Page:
“Daddy, will you teach me how to fly?” I remember a younger Olivia saying maybe eleven years ago.
“Tomorrow,” Daddy humored me, “Tomorrow I’ll teach you how to fly.”
The next day, Daddy didn’t teach me how to fly. Nor did I remember he was supposed to. The weeks, months, years after that, I’d remember and pester him about it. He’d laugh.
This was my first and possibly most important lesson in independence and perseverance, though I was too little to recognize it. Granted, at the time I wanted to literally fly and disturb the birds, but now I see it all a little differently. See, I don’t tend to identify with my father very closely. Daddy’s the kind of guy that could live through the biggest tragedies you can imagine and still keep the no-nonsense mentality that there was no excuse for him not to succeed and move forward. Daddy’s a doer; he has that rare combination of brilliance and artistic talent and doesn’t hesitate to use every last ounce of it. Daddy laughs at “the sky is the limit” and does what he dreams. The dreams don’t ever seem to stop growing, either. You might not even know it unless you knew him as well as I do, because he exemplifies what it means to be humble and is always laughing and joking with anyone he meets. Not enough of us have that way about ourselves. I certainly didn’t. That’s what makes him so admirable and inspiring. That’s what’d make a seven-year-old Olivia believe he could teach someone to fly. Daddy taught me that if I wanted to do something as pretentious as flying I’d have to work for it, no shortcuts, and I’d get there when I’d earned it. Although the clash between my lazy, dependent ways and his “hard work makes anything possible” lifestyle drives me crazy sometimes, I know I wouldn’t be as successful as I’ve been without the will to persevere he instilled in me. If nothing else, Daddy epitomizes what it means to dream big and work hard. I see how much he’s done, how much he’s experienced, and how much will he still has in him and am in awe. I have even more respect for him over the way he still gushes over my brothers’ and my littlest feats and make us feel as accomplished as he is. It’s what makes him one of those rare people whose approval or adulation really matters. It’s what makes me beam with pride to tell him about the A I got in math or the new song I learned on guitar. It’s what makes me so satisfied when I see him bobbing his head to my music (because if anyone knows music, it’s Daddy) and so hopeful when I present my own hard work. It’s what makes me eager to succeed in all aspects of life on my own, just as he had. I couldn’t have a goal bigger than living up to my Daddy, but I’m sure he could think of one. That’s who he is. That’s who I aim to be. Never stopping progress, always dreaming, and never letting my dreams be only dreams. I may not ever be airborne, but Daddy taught me how to fly.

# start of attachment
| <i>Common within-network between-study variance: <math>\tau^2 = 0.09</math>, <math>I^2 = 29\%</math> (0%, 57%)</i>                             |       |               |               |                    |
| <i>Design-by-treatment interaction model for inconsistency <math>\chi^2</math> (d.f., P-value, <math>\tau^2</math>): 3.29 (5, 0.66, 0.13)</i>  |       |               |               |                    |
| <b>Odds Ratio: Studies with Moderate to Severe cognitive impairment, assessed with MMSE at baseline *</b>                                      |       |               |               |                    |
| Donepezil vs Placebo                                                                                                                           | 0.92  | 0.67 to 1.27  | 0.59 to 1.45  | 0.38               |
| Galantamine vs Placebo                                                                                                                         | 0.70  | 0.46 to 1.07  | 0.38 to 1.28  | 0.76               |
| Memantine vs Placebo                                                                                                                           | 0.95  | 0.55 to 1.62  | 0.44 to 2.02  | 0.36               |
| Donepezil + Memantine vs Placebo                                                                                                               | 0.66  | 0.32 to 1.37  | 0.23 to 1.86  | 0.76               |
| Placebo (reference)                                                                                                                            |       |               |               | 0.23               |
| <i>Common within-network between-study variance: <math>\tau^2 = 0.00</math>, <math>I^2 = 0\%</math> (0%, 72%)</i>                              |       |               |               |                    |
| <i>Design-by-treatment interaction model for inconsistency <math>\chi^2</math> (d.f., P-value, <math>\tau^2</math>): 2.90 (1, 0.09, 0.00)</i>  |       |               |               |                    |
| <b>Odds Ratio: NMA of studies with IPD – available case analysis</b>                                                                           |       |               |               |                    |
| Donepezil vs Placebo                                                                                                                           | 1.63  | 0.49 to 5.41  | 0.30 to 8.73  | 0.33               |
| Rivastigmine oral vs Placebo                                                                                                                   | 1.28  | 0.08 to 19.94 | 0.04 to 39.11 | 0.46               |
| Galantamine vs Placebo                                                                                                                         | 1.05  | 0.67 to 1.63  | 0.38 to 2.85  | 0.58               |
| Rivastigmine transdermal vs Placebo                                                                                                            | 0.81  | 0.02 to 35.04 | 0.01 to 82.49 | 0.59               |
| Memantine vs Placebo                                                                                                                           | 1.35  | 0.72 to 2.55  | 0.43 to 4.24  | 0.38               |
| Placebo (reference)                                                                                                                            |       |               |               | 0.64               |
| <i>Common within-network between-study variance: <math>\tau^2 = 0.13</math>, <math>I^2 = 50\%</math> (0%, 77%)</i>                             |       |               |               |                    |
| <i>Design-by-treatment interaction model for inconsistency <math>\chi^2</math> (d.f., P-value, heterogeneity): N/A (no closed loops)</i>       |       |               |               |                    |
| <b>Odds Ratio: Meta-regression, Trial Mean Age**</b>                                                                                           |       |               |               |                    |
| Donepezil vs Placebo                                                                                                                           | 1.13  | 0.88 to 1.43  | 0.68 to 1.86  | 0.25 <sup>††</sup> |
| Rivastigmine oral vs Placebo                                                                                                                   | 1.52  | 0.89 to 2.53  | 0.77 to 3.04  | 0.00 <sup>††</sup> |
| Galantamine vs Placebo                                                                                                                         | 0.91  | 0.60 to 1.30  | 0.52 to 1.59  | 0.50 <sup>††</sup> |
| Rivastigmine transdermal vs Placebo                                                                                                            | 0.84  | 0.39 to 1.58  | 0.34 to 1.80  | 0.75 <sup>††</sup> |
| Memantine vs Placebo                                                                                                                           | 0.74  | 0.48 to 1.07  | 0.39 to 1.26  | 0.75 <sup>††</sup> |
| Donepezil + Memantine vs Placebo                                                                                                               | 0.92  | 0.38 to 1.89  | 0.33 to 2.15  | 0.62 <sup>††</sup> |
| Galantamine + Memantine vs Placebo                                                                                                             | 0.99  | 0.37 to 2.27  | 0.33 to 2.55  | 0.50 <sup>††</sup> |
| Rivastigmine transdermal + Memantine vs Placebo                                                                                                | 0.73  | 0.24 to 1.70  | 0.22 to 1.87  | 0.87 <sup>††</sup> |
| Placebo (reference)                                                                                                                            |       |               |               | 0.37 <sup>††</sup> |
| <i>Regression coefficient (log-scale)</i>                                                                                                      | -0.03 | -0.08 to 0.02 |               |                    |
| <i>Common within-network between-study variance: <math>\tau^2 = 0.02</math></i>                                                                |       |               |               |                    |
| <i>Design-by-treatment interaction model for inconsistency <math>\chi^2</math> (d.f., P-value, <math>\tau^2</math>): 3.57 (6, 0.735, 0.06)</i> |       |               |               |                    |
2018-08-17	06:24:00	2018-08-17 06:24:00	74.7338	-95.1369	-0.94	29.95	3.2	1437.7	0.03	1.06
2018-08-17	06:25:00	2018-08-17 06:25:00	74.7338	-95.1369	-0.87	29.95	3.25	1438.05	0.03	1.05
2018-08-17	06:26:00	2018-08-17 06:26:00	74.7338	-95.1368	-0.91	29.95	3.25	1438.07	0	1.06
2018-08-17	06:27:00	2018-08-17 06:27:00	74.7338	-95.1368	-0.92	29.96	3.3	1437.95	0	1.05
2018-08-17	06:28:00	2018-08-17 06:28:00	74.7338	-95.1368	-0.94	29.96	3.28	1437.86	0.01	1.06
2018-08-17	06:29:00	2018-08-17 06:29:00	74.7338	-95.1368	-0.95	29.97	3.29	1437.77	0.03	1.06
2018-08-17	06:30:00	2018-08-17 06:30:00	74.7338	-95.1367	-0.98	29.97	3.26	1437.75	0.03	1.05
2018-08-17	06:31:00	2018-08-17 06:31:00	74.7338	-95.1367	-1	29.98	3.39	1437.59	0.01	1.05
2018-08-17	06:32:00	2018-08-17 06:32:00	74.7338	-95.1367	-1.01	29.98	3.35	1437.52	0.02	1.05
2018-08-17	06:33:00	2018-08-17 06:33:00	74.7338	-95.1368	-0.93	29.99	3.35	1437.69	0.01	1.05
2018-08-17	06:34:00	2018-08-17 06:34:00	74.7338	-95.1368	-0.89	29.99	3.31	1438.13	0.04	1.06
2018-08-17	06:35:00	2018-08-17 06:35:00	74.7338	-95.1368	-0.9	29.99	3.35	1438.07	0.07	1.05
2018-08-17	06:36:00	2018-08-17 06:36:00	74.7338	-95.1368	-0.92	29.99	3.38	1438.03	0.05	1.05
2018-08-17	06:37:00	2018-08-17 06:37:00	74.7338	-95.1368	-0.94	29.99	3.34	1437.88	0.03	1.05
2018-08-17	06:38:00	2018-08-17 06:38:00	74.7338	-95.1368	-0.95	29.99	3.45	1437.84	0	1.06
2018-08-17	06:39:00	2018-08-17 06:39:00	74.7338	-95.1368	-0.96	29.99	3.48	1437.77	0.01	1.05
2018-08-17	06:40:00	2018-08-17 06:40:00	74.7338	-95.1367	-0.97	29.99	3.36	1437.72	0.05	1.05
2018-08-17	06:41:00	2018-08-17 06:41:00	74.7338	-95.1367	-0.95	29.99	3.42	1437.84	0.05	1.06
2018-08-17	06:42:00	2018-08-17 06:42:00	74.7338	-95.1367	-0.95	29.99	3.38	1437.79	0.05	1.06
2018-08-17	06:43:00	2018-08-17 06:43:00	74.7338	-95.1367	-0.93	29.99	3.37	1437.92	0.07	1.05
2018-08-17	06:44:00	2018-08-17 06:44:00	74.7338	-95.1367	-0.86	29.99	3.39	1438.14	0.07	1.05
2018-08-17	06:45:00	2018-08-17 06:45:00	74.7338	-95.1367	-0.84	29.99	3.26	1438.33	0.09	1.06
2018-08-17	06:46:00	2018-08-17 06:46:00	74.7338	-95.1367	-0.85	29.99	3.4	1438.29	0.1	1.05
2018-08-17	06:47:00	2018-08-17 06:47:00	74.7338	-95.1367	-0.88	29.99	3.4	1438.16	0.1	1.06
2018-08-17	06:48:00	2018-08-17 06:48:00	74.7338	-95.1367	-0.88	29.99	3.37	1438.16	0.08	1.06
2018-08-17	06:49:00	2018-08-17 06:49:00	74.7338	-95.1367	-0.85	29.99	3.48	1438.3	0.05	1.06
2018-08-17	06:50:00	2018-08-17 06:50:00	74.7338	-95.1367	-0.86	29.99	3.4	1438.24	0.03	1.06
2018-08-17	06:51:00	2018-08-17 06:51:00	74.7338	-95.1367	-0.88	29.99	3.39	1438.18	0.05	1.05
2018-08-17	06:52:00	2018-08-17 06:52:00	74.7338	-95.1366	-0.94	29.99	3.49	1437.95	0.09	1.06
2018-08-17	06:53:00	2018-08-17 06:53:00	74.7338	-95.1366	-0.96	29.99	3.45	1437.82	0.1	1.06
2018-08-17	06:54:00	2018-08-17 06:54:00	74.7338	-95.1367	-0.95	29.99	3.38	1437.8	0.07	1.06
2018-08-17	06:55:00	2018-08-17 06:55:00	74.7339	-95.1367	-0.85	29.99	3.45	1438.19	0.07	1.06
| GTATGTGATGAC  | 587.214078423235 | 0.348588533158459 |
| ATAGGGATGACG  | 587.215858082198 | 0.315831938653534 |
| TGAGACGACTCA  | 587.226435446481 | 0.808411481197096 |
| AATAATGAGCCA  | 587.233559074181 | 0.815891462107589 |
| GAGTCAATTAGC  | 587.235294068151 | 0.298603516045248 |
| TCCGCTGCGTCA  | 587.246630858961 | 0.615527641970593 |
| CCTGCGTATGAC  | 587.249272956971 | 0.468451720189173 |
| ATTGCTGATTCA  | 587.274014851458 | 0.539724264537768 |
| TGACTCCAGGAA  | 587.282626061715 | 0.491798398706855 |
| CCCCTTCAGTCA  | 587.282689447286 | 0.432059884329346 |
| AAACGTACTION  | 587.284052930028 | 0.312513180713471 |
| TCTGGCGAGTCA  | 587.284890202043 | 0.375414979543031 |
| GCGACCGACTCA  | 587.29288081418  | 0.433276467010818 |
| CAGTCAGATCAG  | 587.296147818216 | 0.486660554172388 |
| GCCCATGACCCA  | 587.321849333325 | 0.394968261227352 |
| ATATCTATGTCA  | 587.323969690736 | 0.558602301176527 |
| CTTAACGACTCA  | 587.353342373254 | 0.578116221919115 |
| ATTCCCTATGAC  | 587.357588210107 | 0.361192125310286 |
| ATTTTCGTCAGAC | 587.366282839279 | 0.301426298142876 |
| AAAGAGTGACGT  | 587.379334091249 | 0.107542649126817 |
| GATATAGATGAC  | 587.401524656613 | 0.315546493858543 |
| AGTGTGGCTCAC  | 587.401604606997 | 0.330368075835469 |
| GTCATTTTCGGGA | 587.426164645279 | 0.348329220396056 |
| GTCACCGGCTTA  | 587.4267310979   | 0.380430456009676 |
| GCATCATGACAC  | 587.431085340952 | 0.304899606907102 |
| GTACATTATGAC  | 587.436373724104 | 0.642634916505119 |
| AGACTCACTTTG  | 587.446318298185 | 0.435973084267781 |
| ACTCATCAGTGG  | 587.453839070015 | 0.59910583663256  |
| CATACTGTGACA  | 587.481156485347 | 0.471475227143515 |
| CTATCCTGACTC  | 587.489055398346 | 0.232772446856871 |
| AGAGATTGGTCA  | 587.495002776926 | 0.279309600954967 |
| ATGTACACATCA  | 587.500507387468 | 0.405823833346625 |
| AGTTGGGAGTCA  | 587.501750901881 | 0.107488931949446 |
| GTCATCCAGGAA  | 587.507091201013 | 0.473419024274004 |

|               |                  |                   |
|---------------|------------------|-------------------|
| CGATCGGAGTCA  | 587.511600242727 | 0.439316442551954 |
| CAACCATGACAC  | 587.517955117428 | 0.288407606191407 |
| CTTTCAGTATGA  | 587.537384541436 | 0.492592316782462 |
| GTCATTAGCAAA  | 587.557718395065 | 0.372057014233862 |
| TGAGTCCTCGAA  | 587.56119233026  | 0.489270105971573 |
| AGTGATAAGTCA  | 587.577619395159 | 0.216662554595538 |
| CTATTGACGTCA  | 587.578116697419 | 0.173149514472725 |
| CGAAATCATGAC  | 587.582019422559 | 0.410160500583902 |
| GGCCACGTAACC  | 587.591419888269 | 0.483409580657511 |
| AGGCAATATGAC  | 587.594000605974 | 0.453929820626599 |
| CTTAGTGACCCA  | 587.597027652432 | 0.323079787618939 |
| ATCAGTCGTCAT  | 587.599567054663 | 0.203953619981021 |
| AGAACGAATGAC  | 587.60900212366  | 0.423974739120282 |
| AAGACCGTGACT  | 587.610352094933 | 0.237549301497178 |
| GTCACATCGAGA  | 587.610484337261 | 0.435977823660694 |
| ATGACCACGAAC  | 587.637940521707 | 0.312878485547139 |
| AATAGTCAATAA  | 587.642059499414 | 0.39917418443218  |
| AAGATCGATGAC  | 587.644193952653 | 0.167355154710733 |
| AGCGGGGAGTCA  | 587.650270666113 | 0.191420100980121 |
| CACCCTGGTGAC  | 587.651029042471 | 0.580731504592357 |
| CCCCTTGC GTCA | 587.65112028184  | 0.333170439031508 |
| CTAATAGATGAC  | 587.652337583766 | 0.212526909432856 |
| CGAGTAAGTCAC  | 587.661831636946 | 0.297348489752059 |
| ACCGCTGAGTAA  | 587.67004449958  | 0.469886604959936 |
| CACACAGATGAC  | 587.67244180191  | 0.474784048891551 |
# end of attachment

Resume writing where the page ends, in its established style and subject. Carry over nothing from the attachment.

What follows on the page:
I love you, Daddy. More than words can express. (Even though you lied about flying.)